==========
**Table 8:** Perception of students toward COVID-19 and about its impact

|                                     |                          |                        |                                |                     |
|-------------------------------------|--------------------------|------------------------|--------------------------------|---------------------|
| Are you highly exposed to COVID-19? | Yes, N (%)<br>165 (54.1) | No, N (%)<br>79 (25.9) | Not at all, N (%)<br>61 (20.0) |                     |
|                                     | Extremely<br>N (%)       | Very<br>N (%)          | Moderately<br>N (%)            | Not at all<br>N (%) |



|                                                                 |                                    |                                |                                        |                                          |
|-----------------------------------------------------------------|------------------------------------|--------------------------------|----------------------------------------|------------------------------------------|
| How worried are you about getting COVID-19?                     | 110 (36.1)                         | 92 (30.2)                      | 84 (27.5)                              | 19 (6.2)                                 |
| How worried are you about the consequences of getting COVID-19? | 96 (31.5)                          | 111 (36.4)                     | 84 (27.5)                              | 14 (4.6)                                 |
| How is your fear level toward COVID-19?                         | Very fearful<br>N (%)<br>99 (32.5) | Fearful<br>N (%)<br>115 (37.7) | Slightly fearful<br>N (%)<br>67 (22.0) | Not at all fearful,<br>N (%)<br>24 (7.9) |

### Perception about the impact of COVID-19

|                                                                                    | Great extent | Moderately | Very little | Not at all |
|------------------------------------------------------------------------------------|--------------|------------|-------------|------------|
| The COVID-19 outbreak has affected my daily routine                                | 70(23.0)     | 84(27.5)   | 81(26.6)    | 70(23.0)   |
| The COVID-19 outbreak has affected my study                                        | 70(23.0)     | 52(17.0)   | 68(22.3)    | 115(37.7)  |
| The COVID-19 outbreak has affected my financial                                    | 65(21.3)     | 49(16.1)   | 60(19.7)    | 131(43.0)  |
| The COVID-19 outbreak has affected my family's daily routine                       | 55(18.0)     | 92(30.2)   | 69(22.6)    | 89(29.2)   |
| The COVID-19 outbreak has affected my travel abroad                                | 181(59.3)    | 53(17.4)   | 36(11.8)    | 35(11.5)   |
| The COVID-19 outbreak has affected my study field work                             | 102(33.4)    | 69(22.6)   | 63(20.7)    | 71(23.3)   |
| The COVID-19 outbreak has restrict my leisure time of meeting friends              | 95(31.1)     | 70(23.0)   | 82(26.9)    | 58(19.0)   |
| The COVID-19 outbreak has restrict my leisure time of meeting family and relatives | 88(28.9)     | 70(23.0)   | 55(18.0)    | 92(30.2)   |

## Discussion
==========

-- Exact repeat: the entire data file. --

**Table 8:** Perception of students toward COVID-19 and about its impact

|                                     |                          |                        |                                |                     |
|-------------------------------------|--------------------------|------------------------|--------------------------------|---------------------|
| Are you highly exposed to COVID-19? | Yes, N (%)<br>165 (54.1) | No, N (%)<br>79 (25.9) | Not at all, N (%)<br>61 (20.0) |                     |
|                                     | Extremely<br>N (%)       | Very<br>N (%)          | Moderately<br>N (%)            | Not at all<br>N (%) |



|                                                                 |                                    |                                |                                        |                                          |
|-----------------------------------------------------------------|------------------------------------|--------------------------------|----------------------------------------|------------------------------------------|
| How worried are you about getting COVID-19?                     | 110 (36.1)                         | 92 (30.2)                      | 84 (27.5)                              | 19 (6.2)                                 |
| How worried are you about the consequences of getting COVID-19? | 96 (31.5)                          | 111 (36.4)                     | 84 (27.5)                              | 14 (4.6)                                 |
| How is your fear level toward COVID-19?                         | Very fearful<br>N (%)<br>99 (32.5) | Fearful<br>N (%)<br>115 (37.7) | Slightly fearful<br>N (%)<br>67 (22.0) | Not at all fearful,<br>N (%)<br>24 (7.9) |

### Perception about the impact of COVID-19

|                                                                                    | Great extent | Moderately | Very little | Not at all |
|------------------------------------------------------------------------------------|--------------|------------|-------------|------------|
| The COVID-19 outbreak has affected my daily routine                                | 70(23.0)     | 84(27.5)   | 81(26.6)    | 70(23.0)   |
| The COVID-19 outbreak has affected my study                                        | 70(23.0)     | 52(17.0)   | 68(22.3)    | 115(37.7)  |
| The COVID-19 outbreak has affected my financial                                    | 65(21.3)     | 49(16.1)   | 60(19.7)    | 131(43.0)  |
| The COVID-19 outbreak has affected my family's daily routine                       | 55(18.0)     | 92(30.2)   | 69(22.6)    | 89(29.2)   |
| The COVID-19 outbreak has affected my travel abroad                                | 181(59.3)    | 53(17.4)   | 36(11.8)    | 35(11.5)   |
| The COVID-19 outbreak has affected my study field work                             | 102(33.4)    | 69(22.6)   | 63(20.7)    | 71(23.3)   |
| The COVID-19 outbreak has restrict my leisure time of meeting friends              | 95(31.1)     | 70(23.0)   | 82(26.9)    | 58(19.0)   |
| The COVID-19 outbreak has restrict my leisure time of meeting family and relatives | 88(28.9)     | 70(23.0)   | 55(18.0)    | 92(30.2)   |

## Discussion